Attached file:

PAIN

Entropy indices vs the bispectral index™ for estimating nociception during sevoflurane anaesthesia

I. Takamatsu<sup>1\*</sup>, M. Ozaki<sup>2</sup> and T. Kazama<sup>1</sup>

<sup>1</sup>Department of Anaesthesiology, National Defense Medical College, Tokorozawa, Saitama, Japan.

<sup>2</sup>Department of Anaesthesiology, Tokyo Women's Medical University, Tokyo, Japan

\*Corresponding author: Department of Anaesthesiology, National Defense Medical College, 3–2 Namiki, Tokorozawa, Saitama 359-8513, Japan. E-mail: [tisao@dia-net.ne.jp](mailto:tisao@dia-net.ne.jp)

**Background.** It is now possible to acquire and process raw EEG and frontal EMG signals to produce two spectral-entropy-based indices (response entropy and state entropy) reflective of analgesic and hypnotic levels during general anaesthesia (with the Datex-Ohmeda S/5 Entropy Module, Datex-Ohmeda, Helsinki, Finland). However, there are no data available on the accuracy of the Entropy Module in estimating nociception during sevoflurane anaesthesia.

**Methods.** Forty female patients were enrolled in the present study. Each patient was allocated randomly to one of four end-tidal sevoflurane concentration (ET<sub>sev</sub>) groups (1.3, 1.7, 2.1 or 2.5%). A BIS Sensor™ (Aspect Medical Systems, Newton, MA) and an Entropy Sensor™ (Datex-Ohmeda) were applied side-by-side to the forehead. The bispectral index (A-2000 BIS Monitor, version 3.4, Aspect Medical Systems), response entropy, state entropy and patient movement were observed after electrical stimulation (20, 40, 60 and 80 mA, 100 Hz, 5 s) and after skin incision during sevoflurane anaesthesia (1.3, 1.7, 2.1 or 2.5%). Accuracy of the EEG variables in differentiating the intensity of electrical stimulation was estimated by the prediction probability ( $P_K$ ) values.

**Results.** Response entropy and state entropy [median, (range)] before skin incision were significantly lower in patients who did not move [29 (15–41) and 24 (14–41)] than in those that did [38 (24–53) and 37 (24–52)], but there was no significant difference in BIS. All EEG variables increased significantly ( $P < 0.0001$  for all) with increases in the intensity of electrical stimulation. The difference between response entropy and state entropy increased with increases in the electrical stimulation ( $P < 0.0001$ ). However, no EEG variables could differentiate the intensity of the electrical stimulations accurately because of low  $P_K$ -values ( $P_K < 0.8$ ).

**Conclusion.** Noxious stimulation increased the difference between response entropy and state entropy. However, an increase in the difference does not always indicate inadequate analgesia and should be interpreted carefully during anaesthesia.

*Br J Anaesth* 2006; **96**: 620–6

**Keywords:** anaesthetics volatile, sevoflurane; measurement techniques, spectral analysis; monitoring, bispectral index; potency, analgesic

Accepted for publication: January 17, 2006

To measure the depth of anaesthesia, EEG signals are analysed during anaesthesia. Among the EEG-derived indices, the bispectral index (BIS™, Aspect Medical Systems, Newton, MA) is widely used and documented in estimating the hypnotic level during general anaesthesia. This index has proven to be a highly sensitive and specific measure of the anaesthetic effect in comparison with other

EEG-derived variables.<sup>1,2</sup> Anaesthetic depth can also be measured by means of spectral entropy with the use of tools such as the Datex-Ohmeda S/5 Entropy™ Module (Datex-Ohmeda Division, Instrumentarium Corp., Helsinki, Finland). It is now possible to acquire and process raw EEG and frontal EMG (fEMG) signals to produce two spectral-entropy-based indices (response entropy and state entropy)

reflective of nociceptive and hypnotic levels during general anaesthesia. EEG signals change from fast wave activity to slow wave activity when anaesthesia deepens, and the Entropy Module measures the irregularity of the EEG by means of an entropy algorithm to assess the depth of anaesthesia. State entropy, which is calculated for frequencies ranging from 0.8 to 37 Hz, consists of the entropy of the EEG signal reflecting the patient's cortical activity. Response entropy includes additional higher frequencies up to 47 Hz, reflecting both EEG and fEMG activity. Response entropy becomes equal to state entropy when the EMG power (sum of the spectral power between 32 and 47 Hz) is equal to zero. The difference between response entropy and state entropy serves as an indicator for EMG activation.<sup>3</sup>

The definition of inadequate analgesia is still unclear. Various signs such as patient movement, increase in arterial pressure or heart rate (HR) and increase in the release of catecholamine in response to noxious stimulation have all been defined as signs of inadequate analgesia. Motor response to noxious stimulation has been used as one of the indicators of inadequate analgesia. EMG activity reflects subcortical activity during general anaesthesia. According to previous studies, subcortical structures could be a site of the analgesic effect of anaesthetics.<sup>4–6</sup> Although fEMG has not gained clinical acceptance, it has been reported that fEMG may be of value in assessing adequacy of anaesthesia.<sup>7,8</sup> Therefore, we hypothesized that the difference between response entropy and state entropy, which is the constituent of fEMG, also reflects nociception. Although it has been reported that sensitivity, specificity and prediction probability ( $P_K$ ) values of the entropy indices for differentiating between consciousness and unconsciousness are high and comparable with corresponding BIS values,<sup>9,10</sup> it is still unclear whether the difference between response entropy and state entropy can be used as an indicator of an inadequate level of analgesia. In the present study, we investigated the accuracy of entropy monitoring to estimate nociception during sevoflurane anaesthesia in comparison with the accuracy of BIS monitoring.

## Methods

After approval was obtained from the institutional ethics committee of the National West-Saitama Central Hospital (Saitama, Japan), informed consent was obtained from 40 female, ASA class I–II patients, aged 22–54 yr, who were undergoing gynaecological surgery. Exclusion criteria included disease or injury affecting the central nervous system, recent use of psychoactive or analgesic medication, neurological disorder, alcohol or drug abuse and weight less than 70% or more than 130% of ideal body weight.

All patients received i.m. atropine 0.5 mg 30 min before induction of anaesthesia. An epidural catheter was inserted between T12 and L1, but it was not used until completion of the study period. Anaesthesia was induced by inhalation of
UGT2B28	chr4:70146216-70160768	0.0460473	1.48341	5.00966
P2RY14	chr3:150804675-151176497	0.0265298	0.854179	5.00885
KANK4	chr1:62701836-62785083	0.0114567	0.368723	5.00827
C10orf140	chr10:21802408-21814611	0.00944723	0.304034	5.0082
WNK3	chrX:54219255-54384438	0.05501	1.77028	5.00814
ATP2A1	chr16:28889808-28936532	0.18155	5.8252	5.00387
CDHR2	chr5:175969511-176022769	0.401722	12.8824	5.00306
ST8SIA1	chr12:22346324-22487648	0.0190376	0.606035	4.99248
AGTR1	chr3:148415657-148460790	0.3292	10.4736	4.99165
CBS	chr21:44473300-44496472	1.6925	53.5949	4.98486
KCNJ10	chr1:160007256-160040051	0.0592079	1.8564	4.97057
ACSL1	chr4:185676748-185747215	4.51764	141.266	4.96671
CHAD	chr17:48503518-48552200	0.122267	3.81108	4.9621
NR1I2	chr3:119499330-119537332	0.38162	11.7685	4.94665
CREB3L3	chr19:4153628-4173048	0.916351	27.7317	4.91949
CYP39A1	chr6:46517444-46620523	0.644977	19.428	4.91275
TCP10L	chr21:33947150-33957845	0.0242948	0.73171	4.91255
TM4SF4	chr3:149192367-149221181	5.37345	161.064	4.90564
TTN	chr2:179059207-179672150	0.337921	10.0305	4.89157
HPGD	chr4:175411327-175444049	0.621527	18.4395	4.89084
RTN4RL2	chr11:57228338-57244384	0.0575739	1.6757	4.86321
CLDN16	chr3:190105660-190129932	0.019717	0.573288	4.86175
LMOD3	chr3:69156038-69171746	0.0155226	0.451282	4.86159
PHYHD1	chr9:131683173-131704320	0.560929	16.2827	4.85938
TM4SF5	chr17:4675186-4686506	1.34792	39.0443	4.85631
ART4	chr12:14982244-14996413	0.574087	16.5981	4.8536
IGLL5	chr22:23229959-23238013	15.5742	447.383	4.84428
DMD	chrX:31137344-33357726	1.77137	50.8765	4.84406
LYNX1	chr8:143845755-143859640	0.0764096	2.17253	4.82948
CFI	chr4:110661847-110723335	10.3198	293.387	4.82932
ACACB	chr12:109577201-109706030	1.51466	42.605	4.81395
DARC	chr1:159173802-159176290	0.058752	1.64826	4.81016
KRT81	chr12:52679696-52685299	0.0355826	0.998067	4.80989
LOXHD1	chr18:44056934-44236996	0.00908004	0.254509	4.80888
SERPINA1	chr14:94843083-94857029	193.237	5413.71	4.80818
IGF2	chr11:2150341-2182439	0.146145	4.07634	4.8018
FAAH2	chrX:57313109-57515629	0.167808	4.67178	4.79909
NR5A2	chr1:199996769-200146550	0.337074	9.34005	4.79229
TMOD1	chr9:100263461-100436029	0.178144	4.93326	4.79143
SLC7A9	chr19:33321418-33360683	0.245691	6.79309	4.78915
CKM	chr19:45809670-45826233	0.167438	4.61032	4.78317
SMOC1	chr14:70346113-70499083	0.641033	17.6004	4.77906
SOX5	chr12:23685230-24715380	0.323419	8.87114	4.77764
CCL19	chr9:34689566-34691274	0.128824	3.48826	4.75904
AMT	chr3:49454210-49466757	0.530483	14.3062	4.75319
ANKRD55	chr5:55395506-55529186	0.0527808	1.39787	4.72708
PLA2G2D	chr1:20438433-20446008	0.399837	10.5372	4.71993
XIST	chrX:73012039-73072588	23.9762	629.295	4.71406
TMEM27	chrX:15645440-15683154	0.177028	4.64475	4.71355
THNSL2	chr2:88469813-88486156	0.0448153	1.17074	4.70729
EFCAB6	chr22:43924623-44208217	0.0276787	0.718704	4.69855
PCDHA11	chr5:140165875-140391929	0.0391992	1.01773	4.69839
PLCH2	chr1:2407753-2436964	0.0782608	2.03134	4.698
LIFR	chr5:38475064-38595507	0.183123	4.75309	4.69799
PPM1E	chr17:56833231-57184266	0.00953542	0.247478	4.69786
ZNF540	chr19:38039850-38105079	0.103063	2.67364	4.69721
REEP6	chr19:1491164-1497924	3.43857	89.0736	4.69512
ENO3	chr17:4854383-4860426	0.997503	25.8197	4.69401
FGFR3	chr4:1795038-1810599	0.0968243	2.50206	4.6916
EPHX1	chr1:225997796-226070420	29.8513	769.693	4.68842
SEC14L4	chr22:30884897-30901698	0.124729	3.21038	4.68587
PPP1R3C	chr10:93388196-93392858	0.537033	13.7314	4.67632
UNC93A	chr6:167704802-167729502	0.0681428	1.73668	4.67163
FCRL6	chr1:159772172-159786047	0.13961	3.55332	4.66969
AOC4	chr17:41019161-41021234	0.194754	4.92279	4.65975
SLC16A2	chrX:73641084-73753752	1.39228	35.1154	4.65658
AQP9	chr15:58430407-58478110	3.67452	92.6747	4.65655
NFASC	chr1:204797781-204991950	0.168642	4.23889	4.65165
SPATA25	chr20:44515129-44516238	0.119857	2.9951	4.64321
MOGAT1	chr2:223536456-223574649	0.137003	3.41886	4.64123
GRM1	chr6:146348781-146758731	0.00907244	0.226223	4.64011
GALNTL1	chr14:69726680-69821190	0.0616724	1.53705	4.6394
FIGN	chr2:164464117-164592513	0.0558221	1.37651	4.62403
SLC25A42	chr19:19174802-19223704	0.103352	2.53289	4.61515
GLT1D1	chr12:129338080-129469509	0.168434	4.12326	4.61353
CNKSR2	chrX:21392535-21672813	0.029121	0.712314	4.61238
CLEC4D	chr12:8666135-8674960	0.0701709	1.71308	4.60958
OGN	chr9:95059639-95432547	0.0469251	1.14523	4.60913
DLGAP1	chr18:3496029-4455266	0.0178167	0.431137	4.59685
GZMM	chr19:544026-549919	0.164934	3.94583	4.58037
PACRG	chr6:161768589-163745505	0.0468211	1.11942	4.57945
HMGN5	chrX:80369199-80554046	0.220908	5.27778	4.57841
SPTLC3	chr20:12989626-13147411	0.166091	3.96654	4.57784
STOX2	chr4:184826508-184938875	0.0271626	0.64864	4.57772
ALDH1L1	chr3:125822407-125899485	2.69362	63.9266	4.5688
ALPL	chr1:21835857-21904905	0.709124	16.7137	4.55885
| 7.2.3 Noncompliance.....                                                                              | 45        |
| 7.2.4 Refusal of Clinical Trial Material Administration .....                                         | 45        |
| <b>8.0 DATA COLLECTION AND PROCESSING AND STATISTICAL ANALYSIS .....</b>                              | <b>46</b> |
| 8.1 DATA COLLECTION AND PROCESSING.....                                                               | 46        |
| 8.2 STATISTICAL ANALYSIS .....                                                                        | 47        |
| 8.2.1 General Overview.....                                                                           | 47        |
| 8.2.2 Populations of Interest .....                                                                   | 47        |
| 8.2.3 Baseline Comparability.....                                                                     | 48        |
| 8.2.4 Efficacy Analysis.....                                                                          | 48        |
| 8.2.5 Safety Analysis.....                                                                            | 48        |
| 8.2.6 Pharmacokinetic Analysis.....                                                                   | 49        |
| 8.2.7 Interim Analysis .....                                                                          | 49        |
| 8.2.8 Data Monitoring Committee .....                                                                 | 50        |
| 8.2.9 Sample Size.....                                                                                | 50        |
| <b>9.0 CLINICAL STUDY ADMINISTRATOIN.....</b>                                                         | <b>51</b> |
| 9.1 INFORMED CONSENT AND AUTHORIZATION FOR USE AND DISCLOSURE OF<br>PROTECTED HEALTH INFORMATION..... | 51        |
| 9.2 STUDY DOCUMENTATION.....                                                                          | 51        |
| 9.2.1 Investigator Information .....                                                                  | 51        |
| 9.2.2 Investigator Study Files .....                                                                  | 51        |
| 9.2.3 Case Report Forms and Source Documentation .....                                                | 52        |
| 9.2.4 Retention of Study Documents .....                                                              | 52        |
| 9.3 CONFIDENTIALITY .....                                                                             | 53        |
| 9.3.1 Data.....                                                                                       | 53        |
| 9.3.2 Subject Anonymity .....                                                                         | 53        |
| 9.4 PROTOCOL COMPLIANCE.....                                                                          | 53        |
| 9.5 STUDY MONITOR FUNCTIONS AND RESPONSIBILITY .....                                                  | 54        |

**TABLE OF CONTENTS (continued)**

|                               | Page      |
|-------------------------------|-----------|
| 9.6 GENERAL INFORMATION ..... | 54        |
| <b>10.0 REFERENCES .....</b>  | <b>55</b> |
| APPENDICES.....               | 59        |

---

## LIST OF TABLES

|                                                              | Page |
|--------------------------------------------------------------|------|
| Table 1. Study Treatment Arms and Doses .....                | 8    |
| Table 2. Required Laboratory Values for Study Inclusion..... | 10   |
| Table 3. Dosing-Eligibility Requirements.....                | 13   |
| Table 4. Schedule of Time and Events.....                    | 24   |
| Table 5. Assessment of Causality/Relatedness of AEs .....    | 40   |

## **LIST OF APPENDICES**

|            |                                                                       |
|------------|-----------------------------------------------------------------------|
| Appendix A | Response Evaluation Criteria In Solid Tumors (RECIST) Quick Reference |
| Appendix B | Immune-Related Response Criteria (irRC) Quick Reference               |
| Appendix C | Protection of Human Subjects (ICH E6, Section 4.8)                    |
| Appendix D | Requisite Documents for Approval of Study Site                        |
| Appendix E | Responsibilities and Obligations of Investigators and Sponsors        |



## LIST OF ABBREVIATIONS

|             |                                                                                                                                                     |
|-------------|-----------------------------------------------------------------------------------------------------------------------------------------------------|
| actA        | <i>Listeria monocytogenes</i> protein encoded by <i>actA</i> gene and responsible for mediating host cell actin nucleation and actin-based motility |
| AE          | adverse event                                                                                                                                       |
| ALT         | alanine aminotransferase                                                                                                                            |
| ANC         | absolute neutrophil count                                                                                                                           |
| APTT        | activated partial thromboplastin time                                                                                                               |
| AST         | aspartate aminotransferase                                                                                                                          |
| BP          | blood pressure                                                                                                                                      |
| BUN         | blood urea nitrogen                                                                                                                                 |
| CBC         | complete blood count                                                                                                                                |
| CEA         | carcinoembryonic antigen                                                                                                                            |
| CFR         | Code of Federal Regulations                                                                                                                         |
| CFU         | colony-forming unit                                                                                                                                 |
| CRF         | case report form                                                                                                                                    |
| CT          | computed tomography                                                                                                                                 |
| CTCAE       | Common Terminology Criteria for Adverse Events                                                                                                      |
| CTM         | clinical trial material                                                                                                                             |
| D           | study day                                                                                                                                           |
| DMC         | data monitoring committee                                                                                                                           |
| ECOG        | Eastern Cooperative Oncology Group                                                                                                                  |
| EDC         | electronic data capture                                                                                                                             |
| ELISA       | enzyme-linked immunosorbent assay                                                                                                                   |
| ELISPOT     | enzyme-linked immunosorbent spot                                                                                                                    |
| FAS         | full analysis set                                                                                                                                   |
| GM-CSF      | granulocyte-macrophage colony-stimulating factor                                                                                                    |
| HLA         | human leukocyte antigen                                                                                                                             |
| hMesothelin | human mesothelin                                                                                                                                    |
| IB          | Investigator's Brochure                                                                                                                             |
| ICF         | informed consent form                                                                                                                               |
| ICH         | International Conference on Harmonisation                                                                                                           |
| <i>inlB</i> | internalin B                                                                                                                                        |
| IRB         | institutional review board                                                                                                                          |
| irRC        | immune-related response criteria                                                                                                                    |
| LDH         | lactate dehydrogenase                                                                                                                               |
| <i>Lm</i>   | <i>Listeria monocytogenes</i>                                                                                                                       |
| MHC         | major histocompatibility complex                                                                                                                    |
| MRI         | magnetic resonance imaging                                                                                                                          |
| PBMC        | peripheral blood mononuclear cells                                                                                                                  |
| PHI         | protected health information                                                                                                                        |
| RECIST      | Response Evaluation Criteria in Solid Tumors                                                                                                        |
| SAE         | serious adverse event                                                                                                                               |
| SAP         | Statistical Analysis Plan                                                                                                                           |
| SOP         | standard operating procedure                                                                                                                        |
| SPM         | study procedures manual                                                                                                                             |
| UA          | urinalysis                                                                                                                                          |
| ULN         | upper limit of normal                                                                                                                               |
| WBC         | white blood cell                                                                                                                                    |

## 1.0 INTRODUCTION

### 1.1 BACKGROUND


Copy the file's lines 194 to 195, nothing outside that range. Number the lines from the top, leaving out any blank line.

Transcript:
| MRI         | magnetic resonance imaging                                                                                                                          |
| PBMC        | peripheral blood mononuclear cells                                                                                                                  |